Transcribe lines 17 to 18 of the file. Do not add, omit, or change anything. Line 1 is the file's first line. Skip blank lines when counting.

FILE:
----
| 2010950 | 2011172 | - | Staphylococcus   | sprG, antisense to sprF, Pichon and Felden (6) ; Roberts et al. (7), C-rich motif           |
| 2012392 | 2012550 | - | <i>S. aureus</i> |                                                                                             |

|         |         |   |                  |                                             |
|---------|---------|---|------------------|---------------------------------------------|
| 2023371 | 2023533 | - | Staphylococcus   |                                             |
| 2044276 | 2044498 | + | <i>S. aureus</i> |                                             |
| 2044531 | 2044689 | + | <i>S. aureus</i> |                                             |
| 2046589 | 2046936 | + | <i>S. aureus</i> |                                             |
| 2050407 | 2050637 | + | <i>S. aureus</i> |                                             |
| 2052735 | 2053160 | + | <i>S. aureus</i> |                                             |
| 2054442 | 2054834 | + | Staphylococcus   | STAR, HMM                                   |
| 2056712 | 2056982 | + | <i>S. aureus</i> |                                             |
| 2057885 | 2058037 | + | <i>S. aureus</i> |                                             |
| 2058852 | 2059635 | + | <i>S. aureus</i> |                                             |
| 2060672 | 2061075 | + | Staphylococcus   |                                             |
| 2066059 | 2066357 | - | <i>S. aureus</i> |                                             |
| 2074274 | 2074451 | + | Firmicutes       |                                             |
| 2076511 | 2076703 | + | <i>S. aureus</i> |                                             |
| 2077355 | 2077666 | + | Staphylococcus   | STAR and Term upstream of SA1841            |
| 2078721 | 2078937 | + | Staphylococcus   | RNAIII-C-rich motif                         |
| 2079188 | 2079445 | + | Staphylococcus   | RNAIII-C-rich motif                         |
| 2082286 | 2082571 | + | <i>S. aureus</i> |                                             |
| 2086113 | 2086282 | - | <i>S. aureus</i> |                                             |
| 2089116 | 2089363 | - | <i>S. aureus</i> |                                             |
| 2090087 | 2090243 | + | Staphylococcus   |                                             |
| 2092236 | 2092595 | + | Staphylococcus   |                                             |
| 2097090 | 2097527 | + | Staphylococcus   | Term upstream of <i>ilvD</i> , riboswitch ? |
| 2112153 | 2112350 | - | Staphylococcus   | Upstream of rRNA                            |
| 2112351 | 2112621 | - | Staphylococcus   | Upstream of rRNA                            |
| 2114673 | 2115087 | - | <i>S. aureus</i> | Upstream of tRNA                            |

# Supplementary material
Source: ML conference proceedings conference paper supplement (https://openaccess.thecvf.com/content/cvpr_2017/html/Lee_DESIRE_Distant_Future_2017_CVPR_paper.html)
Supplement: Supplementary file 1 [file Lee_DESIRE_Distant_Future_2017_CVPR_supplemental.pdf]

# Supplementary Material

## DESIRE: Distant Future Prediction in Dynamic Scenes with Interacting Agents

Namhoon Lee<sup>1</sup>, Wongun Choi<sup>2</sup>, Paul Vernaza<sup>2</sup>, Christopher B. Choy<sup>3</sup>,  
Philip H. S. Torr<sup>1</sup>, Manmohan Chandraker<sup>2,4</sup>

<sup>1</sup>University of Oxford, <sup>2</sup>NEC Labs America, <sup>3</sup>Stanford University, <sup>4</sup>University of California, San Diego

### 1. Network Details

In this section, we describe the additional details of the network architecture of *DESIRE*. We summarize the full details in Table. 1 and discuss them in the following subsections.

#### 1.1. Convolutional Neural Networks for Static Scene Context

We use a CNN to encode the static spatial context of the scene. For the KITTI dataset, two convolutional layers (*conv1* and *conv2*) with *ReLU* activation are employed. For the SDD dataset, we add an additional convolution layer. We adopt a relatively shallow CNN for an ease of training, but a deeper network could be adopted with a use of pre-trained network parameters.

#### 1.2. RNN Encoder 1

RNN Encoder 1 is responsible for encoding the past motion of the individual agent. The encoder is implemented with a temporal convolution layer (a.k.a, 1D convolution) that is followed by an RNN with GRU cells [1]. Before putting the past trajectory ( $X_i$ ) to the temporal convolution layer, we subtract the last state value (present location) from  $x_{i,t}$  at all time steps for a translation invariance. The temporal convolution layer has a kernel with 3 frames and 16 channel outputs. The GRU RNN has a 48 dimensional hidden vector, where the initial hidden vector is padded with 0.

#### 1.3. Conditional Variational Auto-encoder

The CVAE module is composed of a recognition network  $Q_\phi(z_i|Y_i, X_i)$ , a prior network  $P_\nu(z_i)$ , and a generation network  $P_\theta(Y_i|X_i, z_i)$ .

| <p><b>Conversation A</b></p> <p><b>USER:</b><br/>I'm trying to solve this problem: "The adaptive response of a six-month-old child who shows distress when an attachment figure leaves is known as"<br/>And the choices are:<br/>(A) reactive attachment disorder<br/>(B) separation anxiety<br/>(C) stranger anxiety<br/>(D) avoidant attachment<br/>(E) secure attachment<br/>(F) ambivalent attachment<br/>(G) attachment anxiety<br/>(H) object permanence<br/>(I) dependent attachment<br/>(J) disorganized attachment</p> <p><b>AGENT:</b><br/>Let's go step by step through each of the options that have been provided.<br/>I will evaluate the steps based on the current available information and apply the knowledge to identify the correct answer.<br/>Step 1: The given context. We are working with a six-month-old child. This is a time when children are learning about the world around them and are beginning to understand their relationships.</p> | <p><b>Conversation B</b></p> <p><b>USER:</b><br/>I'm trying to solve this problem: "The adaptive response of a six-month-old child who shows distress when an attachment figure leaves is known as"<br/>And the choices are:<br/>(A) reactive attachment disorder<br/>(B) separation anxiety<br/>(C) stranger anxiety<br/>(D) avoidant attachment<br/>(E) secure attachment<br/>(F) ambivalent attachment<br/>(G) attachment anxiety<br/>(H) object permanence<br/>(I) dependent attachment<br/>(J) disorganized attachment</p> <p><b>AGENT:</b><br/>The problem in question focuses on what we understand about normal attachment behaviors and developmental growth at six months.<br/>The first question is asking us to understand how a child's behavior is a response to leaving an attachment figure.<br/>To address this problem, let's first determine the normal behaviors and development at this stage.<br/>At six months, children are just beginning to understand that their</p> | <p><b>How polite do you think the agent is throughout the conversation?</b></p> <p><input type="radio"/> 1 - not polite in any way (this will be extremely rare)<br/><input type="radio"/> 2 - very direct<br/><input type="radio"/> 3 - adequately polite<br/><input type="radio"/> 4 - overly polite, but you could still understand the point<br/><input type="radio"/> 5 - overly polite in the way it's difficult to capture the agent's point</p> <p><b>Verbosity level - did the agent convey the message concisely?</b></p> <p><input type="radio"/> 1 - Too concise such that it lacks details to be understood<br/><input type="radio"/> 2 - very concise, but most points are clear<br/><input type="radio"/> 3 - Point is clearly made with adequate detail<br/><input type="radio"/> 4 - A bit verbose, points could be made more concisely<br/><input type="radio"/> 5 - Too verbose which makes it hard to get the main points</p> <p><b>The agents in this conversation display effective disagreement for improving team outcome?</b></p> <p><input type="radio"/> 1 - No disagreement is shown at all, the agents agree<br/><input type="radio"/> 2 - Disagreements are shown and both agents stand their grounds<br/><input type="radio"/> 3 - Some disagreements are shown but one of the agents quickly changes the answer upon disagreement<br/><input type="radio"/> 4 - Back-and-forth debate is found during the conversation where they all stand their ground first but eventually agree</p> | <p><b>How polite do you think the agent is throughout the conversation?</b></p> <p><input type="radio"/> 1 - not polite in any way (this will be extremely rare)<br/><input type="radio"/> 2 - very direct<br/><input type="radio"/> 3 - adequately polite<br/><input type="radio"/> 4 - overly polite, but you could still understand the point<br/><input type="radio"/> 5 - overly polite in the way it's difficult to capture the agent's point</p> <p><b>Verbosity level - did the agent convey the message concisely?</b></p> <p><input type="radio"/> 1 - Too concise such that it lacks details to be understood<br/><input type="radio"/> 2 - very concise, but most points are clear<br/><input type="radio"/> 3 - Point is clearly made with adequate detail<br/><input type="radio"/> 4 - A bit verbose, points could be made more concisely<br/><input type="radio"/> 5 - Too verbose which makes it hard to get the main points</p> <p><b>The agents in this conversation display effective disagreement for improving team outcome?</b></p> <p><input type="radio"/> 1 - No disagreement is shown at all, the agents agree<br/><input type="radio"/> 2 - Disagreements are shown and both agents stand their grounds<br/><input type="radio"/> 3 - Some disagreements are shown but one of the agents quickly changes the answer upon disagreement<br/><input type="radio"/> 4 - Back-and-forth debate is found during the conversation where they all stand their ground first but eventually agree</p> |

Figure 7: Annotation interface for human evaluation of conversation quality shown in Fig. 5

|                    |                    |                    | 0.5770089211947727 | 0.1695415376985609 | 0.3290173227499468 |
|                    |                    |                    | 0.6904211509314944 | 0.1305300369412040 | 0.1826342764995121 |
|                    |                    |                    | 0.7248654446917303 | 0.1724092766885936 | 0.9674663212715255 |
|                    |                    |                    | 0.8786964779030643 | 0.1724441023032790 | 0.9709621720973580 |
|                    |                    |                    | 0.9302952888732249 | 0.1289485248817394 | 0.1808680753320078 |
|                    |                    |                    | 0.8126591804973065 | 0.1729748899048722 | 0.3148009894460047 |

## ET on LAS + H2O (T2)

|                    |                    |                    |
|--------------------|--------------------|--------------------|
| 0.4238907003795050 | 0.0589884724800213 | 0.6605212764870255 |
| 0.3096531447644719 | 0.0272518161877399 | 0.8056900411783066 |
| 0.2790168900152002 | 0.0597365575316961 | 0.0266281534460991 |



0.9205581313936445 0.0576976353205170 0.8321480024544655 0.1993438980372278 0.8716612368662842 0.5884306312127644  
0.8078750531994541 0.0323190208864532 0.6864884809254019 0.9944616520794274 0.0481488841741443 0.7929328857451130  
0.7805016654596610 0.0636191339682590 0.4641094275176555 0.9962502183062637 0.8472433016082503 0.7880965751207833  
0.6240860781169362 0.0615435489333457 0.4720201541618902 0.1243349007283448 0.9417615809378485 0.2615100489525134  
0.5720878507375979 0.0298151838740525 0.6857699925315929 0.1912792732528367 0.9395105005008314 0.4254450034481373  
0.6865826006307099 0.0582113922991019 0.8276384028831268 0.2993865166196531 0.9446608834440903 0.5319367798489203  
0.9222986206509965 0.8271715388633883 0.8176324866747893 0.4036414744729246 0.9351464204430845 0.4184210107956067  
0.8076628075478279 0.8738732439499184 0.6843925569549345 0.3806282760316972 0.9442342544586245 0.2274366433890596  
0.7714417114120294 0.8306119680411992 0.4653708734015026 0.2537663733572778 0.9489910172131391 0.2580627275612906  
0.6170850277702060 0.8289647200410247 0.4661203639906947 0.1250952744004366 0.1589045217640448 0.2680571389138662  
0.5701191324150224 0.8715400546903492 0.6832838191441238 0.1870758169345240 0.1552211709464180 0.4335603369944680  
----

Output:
| 2074274 | 2074451 | + | Firmicutes       |                                             |
| 2076511 | 2076703 | + | <i>S. aureus</i> |                                             |